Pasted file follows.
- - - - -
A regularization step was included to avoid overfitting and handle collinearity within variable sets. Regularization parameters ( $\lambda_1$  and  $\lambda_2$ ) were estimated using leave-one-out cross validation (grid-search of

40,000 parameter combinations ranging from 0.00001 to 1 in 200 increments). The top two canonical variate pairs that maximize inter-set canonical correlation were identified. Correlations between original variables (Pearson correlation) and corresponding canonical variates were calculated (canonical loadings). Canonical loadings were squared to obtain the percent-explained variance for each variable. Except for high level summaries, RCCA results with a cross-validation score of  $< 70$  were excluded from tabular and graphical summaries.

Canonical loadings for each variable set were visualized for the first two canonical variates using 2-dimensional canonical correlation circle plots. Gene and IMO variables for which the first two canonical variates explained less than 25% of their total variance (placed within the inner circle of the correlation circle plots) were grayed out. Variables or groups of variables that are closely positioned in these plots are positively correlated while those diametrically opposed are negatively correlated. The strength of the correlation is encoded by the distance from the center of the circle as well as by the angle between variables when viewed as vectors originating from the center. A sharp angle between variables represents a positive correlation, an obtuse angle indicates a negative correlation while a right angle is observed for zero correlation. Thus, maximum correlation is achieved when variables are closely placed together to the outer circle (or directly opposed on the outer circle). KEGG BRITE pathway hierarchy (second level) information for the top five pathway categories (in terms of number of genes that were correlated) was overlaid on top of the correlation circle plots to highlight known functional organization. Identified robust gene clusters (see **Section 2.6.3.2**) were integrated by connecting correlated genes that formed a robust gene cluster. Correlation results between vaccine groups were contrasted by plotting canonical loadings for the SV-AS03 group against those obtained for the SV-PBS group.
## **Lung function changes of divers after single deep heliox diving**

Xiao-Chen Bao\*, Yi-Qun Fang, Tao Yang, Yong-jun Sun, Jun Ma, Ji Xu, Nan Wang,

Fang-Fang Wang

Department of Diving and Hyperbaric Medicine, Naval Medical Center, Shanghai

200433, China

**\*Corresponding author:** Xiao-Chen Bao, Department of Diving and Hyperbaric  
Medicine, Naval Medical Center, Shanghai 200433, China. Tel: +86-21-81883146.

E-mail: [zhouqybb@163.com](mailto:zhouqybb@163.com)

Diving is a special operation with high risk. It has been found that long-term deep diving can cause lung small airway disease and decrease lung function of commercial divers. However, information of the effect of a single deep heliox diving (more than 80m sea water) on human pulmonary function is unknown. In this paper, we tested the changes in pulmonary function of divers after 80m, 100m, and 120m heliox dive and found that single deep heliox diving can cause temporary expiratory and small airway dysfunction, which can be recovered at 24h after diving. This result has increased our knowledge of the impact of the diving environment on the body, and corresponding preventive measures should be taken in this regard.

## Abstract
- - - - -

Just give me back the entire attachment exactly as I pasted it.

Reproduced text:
A regularization step was included to avoid overfitting and handle collinearity within variable sets. Regularization parameters ( $\lambda_1$  and  $\lambda_2$ ) were estimated using leave-one-out cross validation (grid-search of

40,000 parameter combinations ranging from 0.00001 to 1 in 200 increments). The top two canonical variate pairs that maximize inter-set canonical correlation were identified. Correlations between original variables (Pearson correlation) and corresponding canonical variates were calculated (canonical loadings). Canonical loadings were squared to obtain the percent-explained variance for each variable. Except for high level summaries, RCCA results with a cross-validation score of  $< 70$  were excluded from tabular and graphical summaries.

Canonical loadings for each variable set were visualized for the first two canonical variates using 2-dimensional canonical correlation circle plots. Gene and IMO variables for which the first two canonical variates explained less than 25% of their total variance (placed within the inner circle of the correlation circle plots) were grayed out. Variables or groups of variables that are closely positioned in these plots are positively correlated while those diametrically opposed are negatively correlated. The strength of the correlation is encoded by the distance from the center of the circle as well as by the angle between variables when viewed as vectors originating from the center. A sharp angle between variables represents a positive correlation, an obtuse angle indicates a negative correlation while a right angle is observed for zero correlation. Thus, maximum correlation is achieved when variables are closely placed together to the outer circle (or directly opposed on the outer circle). KEGG BRITE pathway hierarchy (second level) information for the top five pathway categories (in terms of number of genes that were correlated) was overlaid on top of the correlation circle plots to highlight known functional organization. Identified robust gene clusters (see **Section 2.6.3.2**) were integrated by connecting correlated genes that formed a robust gene cluster. Correlation results between vaccine groups were contrasted by plotting canonical loadings for the SV-AS03 group against those obtained for the SV-PBS group.
## **Lung function changes of divers after single deep heliox diving**

Xiao-Chen Bao\*, Yi-Qun Fang, Tao Yang, Yong-jun Sun, Jun Ma, Ji Xu, Nan Wang,

Fang-Fang Wang

Department of Diving and Hyperbaric Medicine, Naval Medical Center, Shanghai

200433, China

**\*Corresponding author:** Xiao-Chen Bao, Department of Diving and Hyperbaric  
Medicine, Naval Medical Center, Shanghai 200433, China. Tel: +86-21-81883146.

E-mail: [zhouqybb@163.com](mailto:zhouqybb@163.com)

Diving is a special operation with high risk. It has been found that long-term deep diving can cause lung small airway disease and decrease lung function of commercial divers. However, information of the effect of a single deep heliox diving (more than 80m sea water) on human pulmonary function is unknown. In this paper, we tested the changes in pulmonary function of divers after 80m, 100m, and 120m heliox dive and found that single deep heliox diving can cause temporary expiratory and small airway dysfunction, which can be recovered at 24h after diving. This result has increased our knowledge of the impact of the diving environment on the body, and corresponding preventive measures should be taken in this regard.

## Abstract